R-Controlled Vowels: Everything You Need to Know
These are specific vowels that an “r” follows and end up being influenced or controlled by the r. There are five notable vowel combinations that are controlled by an r. they are: or, ir, ur, er, and ar. R-controlled vowels are frequently called the “Bossy R” because the r makes the vowel form a new sound.
R-controlled vowels can be a challenge for children to spell and sound out. However, it’s important for students to learn about r-controlled sounds and be able to identify them so they can spell and read more complex words. Often, learners who haven’t mastered r-controlled vowels misspell and mispronounce these words. For instance, if a child were to read the word cord, they might read the o as a short o sound while separating it from the r sound. This will make the word sound like card rather than cord. Additionally, when spelling the word cord, they might try to add a vowel team or a silent e to create a long o sound, such as coard or cored. Once children have learned and mastered this important phonics skill, they should be able to correctly read and write the majority of r-controlled vowels.
When teaching r-controlled vowels, teachers should follow systematic phonics instruction. They should start with ar and or because they don’t sound the same, and hence, are easier for students to learn. Teachers can introduce er/ir/ur together because they all make the same sound. The use of a compare and contrast strategy can be helpful to teach r-controlled vowels. Teachers can ask students to read CVC words comprising short “a” (e.g., cat, cap, and can). Then they can tell the learners that the consonant “r” alters the sound of the vowel before it and read out the word “car.” The process can be repeated with other CVC words. Teachers can also have the learners read “had” first and then replace the “a” with “ar” and read out “hard.”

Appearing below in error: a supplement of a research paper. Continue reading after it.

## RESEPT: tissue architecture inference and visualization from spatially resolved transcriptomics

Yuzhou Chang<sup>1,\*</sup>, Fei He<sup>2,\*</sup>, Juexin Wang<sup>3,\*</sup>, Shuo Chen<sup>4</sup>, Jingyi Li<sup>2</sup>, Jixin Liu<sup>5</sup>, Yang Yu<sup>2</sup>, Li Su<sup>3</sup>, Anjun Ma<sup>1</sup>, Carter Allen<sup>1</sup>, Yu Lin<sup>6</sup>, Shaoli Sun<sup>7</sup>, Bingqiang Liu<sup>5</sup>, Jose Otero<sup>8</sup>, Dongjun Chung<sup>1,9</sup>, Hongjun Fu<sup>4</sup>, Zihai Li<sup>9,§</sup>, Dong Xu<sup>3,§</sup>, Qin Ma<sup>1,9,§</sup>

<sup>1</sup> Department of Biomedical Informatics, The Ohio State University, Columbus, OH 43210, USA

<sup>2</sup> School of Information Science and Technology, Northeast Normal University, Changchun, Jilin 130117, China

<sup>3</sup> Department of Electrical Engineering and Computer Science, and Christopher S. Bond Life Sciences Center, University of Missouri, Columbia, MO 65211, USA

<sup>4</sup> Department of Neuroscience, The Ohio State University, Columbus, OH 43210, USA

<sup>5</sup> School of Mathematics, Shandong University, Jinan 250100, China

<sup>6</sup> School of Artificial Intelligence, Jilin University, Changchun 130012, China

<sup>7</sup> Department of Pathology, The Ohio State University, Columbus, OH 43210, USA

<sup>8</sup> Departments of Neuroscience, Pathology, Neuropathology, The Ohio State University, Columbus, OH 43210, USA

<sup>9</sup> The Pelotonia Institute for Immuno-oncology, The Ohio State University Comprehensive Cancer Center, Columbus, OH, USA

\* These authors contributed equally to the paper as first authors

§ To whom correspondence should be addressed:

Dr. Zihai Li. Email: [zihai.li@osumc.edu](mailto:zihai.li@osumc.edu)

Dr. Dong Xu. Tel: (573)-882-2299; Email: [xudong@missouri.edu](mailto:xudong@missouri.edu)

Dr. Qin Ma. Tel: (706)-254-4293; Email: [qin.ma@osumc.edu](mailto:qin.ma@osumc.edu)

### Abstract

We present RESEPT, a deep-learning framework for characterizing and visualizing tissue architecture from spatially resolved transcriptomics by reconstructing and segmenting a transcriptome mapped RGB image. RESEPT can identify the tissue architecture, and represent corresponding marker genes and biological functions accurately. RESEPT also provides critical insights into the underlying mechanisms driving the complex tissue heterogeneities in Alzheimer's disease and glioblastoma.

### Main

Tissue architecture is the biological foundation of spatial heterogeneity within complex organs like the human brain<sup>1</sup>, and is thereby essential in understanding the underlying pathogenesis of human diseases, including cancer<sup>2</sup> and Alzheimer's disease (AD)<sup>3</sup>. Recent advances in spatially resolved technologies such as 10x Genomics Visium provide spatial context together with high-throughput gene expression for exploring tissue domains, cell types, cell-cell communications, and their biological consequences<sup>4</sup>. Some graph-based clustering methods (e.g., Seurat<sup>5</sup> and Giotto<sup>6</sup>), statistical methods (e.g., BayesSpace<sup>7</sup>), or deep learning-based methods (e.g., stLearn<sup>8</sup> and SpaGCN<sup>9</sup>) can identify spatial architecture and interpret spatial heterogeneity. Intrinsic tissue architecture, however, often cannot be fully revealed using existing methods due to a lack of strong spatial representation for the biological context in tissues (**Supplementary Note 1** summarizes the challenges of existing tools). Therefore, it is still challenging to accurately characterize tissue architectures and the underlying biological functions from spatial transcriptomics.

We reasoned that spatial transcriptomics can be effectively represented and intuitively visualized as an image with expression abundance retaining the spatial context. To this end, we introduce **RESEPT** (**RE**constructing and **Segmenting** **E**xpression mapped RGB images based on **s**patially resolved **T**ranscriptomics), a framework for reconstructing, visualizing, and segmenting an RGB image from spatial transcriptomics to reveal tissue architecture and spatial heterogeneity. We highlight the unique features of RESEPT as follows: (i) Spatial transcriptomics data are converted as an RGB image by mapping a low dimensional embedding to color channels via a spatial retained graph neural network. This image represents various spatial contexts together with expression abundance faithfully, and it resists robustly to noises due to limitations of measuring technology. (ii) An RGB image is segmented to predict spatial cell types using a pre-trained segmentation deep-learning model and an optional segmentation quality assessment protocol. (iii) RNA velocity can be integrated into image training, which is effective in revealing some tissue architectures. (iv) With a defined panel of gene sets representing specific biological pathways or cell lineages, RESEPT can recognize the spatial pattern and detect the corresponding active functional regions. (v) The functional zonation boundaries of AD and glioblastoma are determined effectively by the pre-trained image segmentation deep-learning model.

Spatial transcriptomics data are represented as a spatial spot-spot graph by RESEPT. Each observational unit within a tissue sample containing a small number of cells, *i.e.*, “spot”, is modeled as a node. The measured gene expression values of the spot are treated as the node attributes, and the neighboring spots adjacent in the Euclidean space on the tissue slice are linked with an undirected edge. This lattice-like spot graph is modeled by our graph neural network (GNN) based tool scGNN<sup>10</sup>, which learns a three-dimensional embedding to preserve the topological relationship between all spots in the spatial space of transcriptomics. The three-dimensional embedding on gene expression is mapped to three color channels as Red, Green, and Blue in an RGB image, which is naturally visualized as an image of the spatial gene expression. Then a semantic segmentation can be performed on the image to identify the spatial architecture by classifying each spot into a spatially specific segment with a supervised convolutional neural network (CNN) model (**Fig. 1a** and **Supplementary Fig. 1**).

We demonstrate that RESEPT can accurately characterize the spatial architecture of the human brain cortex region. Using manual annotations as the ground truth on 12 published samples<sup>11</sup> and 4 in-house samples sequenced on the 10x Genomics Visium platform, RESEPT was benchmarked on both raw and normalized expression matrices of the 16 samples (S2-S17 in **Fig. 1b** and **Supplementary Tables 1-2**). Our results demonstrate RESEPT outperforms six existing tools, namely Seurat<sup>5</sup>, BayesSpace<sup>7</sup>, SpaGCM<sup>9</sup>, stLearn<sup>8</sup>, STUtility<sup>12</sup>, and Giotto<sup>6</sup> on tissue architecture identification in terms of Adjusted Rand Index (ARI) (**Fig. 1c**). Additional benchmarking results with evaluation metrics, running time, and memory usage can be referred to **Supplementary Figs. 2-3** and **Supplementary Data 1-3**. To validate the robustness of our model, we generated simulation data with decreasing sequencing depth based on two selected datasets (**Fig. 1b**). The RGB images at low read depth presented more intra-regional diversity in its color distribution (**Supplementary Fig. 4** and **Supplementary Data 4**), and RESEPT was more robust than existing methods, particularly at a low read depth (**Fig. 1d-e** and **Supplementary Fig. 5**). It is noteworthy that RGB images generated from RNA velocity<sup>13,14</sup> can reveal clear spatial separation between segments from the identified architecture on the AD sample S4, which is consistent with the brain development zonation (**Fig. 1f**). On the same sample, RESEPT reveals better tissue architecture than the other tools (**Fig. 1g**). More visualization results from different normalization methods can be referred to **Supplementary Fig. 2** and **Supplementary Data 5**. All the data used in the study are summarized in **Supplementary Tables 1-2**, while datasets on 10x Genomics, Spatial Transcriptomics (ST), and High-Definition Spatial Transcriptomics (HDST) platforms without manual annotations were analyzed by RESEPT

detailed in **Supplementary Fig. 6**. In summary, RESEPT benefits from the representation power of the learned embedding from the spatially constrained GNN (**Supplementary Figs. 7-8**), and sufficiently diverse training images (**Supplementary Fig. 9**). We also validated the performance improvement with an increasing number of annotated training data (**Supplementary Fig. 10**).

Phonics posters, decodable texts, pictures, and word sorts, etc., can also be used to help students master r-controlled vowels. Once the learners can read “ar” words, teachers can move on to the spelling of those words. A common spelling mistake often done by beginning spellers is writing the letter “r” by itself for /ar/. This confusion is created by the letter name and sound. Teachers should explicitly tell learners that while the letter name for “r” is pronounced as “ar,” this isn’t the sound it represents.